The Background

The unit of work pattern is one that I nearly always use when writing a repository layer. It ensures that repository operations can be batched into arbitrary atomic units, meaning they all succeed or fail as one (i.e., it is impossible to finish in a ‘half completed’ state).

Implementing a unit of work involves setting up a transaction. This single transaction is a scope that wraps all repository operations that happen during its lifetime, and can be completed at will by the calling code (the unit of work is then responsible for automatically setting up a new transaction before any further repository operations take place). This saves having to start up transactions manually within our actual repositories and ensures that anything happening in those repositories is transactional by default.

Service-layer code then interacts with the unit of work, rather than using repositories directly (which would circumvent the ambient transaction).

SQL is fully geared up for supporting transactions, so it is relatively straightforward to make sure connections to a SQL database get enlisted in a transaction. However, this behaviour is often not natively supported by other forms of repository storage, such as file (BLOB) storage.

I recently had a bit of a go at writing some C# code to ensure that any BLOB storage uploads to Azure, happening within the context of a unit of work, are undone if the transaction doesn’t complete successfully.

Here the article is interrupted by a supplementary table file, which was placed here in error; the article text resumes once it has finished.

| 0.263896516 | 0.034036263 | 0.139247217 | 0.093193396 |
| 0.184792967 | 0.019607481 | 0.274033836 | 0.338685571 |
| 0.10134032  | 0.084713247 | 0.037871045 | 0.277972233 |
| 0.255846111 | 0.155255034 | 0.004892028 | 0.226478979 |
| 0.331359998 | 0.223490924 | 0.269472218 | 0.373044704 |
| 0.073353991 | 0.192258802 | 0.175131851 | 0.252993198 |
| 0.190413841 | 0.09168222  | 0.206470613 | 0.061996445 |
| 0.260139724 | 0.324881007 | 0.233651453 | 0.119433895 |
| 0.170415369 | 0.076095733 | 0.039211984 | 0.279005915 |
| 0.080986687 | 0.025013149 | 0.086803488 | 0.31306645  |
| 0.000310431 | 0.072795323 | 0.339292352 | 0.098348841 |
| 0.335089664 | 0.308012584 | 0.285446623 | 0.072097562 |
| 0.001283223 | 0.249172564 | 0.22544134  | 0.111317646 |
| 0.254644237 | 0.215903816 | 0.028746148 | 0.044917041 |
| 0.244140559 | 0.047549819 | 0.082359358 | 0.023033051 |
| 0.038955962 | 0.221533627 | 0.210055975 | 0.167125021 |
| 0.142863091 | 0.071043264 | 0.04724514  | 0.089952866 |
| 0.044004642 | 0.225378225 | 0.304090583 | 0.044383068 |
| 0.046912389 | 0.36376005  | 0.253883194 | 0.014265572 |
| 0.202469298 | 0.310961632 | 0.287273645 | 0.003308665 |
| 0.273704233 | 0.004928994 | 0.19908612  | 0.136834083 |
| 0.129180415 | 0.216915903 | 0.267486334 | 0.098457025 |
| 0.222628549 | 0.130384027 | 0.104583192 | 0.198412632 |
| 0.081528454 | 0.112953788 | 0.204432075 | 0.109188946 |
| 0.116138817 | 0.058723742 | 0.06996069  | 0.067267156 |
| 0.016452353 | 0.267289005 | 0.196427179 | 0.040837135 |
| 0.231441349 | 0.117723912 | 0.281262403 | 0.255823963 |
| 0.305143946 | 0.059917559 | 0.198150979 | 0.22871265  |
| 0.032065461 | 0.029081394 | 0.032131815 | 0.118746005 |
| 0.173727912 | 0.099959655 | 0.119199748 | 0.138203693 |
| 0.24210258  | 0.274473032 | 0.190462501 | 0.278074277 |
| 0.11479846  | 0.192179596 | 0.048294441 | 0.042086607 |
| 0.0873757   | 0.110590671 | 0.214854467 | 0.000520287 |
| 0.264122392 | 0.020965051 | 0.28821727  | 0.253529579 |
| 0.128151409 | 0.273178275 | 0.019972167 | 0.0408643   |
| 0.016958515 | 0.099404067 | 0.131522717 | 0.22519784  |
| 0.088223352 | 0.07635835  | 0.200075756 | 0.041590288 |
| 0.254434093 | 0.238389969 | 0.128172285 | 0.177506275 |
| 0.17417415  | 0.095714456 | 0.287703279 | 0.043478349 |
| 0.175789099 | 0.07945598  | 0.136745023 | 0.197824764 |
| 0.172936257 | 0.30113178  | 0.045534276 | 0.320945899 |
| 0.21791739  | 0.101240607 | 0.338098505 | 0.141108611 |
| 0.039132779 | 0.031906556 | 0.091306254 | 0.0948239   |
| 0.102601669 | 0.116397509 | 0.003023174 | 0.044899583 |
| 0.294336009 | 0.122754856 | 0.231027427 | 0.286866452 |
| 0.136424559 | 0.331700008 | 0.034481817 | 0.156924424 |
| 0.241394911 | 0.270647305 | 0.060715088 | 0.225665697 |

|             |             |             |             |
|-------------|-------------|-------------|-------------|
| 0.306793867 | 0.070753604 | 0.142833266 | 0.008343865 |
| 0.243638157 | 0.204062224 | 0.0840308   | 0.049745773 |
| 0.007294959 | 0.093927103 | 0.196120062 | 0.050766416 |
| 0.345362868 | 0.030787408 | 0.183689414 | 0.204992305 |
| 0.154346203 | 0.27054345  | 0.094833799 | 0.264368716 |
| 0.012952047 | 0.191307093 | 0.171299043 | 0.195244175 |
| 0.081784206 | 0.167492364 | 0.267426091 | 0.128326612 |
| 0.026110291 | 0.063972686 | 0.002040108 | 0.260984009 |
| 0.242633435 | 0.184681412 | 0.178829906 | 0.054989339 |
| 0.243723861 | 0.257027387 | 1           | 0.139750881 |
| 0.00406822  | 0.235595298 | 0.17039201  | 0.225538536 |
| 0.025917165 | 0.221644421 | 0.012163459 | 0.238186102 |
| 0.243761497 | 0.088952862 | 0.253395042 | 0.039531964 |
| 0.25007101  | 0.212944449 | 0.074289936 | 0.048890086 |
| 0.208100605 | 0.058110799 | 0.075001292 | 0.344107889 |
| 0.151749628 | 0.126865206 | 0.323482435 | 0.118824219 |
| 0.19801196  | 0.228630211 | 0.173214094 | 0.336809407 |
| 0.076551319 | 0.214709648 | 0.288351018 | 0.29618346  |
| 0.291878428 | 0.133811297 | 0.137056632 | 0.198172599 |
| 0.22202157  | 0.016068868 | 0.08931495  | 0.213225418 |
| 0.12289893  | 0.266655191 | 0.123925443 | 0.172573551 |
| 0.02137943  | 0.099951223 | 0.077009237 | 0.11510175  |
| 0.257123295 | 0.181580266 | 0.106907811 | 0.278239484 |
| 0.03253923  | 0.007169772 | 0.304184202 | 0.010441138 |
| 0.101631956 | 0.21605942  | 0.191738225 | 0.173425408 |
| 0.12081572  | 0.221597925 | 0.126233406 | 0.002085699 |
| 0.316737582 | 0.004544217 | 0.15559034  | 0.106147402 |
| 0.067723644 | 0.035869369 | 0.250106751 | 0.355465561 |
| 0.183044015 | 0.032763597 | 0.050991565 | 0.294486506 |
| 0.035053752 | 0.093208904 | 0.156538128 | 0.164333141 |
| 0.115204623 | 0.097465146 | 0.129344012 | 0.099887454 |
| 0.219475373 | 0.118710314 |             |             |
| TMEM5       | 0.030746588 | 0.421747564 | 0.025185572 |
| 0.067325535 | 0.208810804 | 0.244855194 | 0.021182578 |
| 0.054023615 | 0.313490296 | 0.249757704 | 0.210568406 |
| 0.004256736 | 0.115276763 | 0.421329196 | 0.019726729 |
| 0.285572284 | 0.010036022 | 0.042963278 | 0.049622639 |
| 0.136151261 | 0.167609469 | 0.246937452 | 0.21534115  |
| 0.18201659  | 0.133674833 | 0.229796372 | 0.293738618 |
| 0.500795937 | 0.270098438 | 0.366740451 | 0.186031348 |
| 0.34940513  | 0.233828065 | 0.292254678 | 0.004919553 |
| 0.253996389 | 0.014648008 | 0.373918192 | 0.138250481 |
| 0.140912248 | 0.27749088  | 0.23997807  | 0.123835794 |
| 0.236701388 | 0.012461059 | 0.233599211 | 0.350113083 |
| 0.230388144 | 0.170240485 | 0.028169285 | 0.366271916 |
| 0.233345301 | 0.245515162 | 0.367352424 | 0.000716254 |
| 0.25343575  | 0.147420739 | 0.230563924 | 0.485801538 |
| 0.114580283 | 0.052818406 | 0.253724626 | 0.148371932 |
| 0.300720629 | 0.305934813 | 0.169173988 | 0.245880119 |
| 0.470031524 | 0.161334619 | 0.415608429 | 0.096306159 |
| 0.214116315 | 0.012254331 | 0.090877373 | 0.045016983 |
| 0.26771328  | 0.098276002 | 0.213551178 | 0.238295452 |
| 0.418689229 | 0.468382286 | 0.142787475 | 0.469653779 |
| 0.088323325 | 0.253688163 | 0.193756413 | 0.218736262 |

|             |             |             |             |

This means we can have a unit of work that wraps both SQL calls and BLOB storage calls, resulting in the following possible chain of events:

  1. Successful SQL UPDATE
  2. Successful BLOB storage file upload ✅
  3. Failed SQL INSERT
  4. SQL UPDATE rolled back ✅
  5. BLOB storage file deleted ✅

I find this very pleasing, since even though BLOB storage is cheap it’s nice not to have files clogging it up that shouldn’t be there!

The Code

I decided to use the Command Pattern to model the BLOB upload and deletion behaviour I was looking for.

This pattern models a single operation as a standalone object, with one of the benefits being that you can specify the code that defines an operation’s execution and also the code that specifies how to undo it.

Here’s the basic interface I used:

public interface ICommand<T> 
    Task<T> Execute();
    Task<T> Undo();

With this, I can create an UploadFileCommand class to model the operation of executing and undoing a file upload:

public class UploadFileCommand<T> : ICommand<T> where T : IBlobFile
    private readonly BlobStorageRepository<T> _repository;
    private readonly T _file;

    public UploadFileCommand(BlobStorageRepository<T> repository, T file)
        _repository = repository;
        _file = file;

    // Execute = upload my file
    public Task<T> Execute() => _repository.UploadFile(_file);
    // Undo = delete that same file
    public Task<T> Undo() => _repository.DeleteFile(_file);   

As stated in the code comments above, Execute() uploads the BLOB file and Undo() deletes that same file. This file has already been passed in via the constructor so an instantiated UploadFileCommand is always operating on the exact same file.

The other constructor argument is the repository that the command is going to use to upload and delete the file. In my example it’s typed to T so we can enforce that it deals with the exact type of file that we expect it to.

The unit of work is set up as follows (I’m only showing the relevant bits here - leaving out the boilerplate disposal etc. for brevity):

public sealed class UnitOfWork : IUnitOfWork, IDisposable
    private SqlConnection? _connection;
    private readonly ITransactionScopeFactory _transactionScopeFactory;